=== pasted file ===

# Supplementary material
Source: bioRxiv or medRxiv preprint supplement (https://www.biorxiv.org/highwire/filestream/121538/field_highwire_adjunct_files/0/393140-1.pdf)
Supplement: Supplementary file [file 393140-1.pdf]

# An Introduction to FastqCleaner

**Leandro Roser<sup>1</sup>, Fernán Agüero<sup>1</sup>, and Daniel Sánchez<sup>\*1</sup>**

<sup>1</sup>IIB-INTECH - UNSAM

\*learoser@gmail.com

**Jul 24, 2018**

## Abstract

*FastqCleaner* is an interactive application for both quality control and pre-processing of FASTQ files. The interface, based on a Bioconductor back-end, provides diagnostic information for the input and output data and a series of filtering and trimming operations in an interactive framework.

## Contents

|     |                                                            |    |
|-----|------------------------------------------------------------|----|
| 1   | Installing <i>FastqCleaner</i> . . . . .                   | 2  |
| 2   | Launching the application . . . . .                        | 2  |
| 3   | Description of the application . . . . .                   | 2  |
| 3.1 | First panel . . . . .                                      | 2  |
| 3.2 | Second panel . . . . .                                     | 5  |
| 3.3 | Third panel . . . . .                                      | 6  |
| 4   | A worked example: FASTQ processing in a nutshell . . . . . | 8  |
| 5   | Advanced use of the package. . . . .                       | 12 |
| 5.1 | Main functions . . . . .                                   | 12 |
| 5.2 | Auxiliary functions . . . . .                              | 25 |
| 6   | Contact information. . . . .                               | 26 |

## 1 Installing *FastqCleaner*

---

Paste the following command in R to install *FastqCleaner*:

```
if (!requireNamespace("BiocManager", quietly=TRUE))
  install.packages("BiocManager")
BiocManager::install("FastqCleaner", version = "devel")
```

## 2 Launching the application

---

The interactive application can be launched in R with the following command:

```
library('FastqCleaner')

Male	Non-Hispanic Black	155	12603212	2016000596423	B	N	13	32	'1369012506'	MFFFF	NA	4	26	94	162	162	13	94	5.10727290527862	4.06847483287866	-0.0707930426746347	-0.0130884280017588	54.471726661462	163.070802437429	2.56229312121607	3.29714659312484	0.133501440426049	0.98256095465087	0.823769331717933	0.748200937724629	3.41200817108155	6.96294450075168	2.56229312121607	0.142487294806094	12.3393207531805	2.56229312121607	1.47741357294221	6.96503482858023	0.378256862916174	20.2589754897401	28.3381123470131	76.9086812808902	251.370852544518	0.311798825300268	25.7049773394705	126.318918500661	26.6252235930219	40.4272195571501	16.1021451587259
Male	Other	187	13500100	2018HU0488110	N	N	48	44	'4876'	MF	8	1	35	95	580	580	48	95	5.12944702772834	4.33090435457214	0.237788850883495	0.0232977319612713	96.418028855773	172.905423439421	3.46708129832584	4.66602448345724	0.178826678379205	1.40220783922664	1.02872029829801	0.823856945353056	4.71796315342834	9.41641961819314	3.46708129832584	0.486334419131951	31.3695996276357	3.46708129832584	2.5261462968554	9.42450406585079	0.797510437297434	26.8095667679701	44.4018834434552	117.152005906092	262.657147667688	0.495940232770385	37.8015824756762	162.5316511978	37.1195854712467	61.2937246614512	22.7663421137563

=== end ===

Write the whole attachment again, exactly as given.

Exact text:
# Supplementary material
Source: bioRxiv or medRxiv preprint supplement (https://www.biorxiv.org/highwire/filestream/121538/field_highwire_adjunct_files/0/393140-1.pdf)
Supplement: Supplementary file [file 393140-1.pdf]

# An Introduction to FastqCleaner

**Leandro Roser<sup>1</sup>, Fernán Agüero<sup>1</sup>, and Daniel Sánchez<sup>\*1</sup>**

<sup>1</sup>IIB-INTECH - UNSAM

\*learoser@gmail.com

**Jul 24, 2018**

## Abstract

*FastqCleaner* is an interactive application for both quality control and pre-processing of FASTQ files. The interface, based on a Bioconductor back-end, provides diagnostic information for the input and output data and a series of filtering and trimming operations in an interactive framework.

## Contents

|     |                                                            |    |
|-----|------------------------------------------------------------|----|
| 1   | Installing <i>FastqCleaner</i> . . . . .                   | 2  |
| 2   | Launching the application . . . . .                        | 2  |
| 3   | Description of the application . . . . .                   | 2  |
| 3.1 | First panel . . . . .                                      | 2  |
| 3.2 | Second panel . . . . .                                     | 5  |
| 3.3 | Third panel . . . . .                                      | 6  |
| 4   | A worked example: FASTQ processing in a nutshell . . . . . | 8  |
| 5   | Advanced use of the package. . . . .                       | 12 |
| 5.1 | Main functions . . . . .                                   | 12 |
| 5.2 | Auxiliary functions . . . . .                              | 25 |
| 6   | Contact information. . . . .                               | 26 |

## 1 Installing *FastqCleaner*

---

Paste the following command in R to install *FastqCleaner*:

```
if (!requireNamespace("BiocManager", quietly=TRUE))
  install.packages("BiocManager")
BiocManager::install("FastqCleaner", version = "devel")
```

## 2 Launching the application

---

The interactive application can be launched in R with the following command:

```
library('FastqCleaner')

Male	Non-Hispanic Black	155	12603212	2016000596423	B	N	13	32	'1369012506'	MFFFF	NA	4	26	94	162	162	13	94	5.10727290527862	4.06847483287866	-0.0707930426746347	-0.0130884280017588	54.471726661462	163.070802437429	2.56229312121607	3.29714659312484	0.133501440426049	0.98256095465087	0.823769331717933	0.748200937724629	3.41200817108155	6.96294450075168	2.56229312121607	0.142487294806094	12.3393207531805	2.56229312121607	1.47741357294221	6.96503482858023	0.378256862916174	20.2589754897401	28.3381123470131	76.9086812808902	251.370852544518	0.311798825300268	25.7049773394705	126.318918500661	26.6252235930219	40.4272195571501	16.1021451587259
Male	Other	187	13500100	2018HU0488110	N	N	48	44	'4876'	MF	8	1	35	95	580	580	48	95	5.12944702772834	4.33090435457214	0.237788850883495	0.0232977319612713	96.418028855773	172.905423439421	3.46708129832584	4.66602448345724	0.178826678379205	1.40220783922664	1.02872029829801	0.823856945353056	4.71796315342834	9.41641961819314	3.46708129832584	0.486334419131951	31.3695996276357	3.46708129832584	2.5261462968554	9.42450406585079	0.797510437297434	26.8095667679701	44.4018834434552	117.152005906092	262.657147667688	0.495940232770385	37.8015824756762	162.5316511978	37.1195854712467	61.2937246614512	22.7663421137563